Artist rendering of Mars settlement construction. via http://url.ie/11o4w
Gary Lay of Galesburg is fearless. He looks forward to someday having the chance to go into space, a chance he would take "in a heartbeat." He is exploring the world of possibilities, and needs a little help.
NASA is conducting a challenge, with Bradley University in Peoria as a "go-between." The goal is to create a form of "Martian concrete" using the materials naturally occurring on Mars, while using 3-D printer technology. Lay is looking for team members to help with crowdsourcing, robotics and anyone who has an interest in helping.
"I'm looking for interested individuals and local companies," he said. "Everyone has their own little niche, and may be able to help."
He also is searching for investors in the project.
While people worldwide are taking part in the challenge, Lay feels the key is here in the Midwest.
"People in the heartland are very innovative, very smart, very hands-on," said Lay.
Registration for the project has been extended to Feb. 28. The first step will be the creation and 3-D printing of a cylinder of "Martian cement" which will be tested for strength. The top 10 will move on to create a different cylinder, with the top three from that phase moving on to Bradley University to build a dome. The potential to win a share of $1,500,000 is at stake as well.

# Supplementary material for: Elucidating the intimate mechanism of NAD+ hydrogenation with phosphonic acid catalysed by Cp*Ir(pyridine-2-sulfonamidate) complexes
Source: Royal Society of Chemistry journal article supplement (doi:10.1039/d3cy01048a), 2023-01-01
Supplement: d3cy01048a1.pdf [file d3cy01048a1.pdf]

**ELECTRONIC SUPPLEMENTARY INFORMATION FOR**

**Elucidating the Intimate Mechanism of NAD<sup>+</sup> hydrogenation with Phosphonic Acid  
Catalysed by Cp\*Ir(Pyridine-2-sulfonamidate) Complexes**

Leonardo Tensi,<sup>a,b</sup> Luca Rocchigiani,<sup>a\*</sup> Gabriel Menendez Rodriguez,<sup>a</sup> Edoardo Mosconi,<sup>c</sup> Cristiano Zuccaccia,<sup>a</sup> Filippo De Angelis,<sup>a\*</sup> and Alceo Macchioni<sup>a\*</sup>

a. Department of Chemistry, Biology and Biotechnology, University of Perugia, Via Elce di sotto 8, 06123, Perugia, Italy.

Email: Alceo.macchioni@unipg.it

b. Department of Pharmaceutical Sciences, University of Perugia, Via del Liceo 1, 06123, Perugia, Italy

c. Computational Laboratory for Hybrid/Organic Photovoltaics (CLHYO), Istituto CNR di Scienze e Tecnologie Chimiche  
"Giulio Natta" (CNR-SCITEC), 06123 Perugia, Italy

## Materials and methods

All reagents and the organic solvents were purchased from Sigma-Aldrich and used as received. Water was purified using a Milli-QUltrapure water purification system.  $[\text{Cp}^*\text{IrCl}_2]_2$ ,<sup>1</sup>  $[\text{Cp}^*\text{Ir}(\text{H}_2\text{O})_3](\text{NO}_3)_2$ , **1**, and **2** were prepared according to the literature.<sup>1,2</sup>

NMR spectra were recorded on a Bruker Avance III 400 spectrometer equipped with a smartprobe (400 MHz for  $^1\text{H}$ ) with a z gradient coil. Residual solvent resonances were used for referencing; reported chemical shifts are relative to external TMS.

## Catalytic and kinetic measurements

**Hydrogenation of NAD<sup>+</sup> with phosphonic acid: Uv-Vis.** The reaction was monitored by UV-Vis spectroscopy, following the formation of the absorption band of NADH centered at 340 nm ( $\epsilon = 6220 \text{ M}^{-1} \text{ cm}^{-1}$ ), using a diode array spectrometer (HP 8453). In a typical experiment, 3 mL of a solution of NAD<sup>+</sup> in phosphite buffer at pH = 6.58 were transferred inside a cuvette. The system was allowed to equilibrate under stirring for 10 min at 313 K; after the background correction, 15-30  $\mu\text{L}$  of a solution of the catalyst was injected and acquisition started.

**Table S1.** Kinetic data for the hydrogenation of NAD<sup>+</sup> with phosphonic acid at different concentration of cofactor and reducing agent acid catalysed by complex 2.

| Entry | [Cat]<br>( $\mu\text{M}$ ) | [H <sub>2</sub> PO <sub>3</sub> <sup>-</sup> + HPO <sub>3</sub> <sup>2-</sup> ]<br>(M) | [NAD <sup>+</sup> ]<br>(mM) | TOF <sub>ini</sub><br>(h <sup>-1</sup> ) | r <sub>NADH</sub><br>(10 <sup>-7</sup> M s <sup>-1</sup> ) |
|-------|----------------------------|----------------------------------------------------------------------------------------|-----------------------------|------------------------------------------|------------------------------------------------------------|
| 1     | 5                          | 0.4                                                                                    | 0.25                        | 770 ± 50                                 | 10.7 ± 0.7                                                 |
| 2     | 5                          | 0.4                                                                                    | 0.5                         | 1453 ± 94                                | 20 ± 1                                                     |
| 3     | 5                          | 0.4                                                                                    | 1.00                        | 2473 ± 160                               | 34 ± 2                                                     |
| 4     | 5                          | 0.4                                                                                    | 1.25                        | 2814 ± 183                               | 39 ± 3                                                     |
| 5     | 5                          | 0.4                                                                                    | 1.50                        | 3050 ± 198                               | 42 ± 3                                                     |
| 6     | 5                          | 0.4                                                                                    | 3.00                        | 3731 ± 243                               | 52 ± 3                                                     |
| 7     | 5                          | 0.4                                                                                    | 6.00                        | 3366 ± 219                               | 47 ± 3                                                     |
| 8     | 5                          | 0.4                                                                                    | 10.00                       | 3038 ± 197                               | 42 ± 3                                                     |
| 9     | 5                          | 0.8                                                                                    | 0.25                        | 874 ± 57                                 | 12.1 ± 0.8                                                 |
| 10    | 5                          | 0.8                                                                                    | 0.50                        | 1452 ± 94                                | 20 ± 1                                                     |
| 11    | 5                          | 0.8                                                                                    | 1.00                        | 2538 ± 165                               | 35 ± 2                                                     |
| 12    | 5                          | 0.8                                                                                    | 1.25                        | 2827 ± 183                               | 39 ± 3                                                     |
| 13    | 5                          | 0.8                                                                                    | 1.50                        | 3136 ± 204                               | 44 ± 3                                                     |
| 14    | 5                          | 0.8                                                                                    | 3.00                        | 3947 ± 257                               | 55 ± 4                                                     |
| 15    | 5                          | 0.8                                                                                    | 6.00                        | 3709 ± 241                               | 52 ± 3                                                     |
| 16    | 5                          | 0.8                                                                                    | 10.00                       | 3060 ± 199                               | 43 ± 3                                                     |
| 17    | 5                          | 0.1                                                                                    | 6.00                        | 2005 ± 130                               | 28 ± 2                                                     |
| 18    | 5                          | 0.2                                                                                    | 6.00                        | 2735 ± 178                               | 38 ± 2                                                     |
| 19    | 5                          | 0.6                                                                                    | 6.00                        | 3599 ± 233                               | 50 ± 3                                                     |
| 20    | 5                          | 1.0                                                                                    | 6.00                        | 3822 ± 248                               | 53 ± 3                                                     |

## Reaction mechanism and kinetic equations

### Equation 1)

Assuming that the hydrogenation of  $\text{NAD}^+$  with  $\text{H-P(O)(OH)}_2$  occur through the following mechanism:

While these are admittedly difficult goals, Lay knows they are possible. Growing up in Galesburg, he has held an interest in space exploration since he was 5 years old, when he cut out reports of Sputnik from the newspaper. Sputnik, the first man-made satellite, was launched by the Soviets in 1957 and was the start of the "Space Race" which culminated with Apollo 11 landing on the moon in 1969, only 12 years later. The race captivated the world and a generation grew up idolizing astronauts and imagining cities on the moon and colonies on Mars. But man has not walked on the moon since 1972. Of the 12 men who have done it, only six remain alive. The youngest of them is now 81 years old, Charles Duke.
"We've lost our way," said Lay. "Humanity's future lies in proliferating the universe; we need to get off this planet."
He sees hope in SpaceX, led by Elon Musk. Lay told of his chance meeting on a commercial flight with a then-director of the formerly little-known company and how it led to a tour of their headquarters and work. He sees hope in Red Dragon, the Mars lander SpaceX intends to launch in 2018 in preparation for a manned mission to the planet.
For more information, visit http://url.ie/11o4v.
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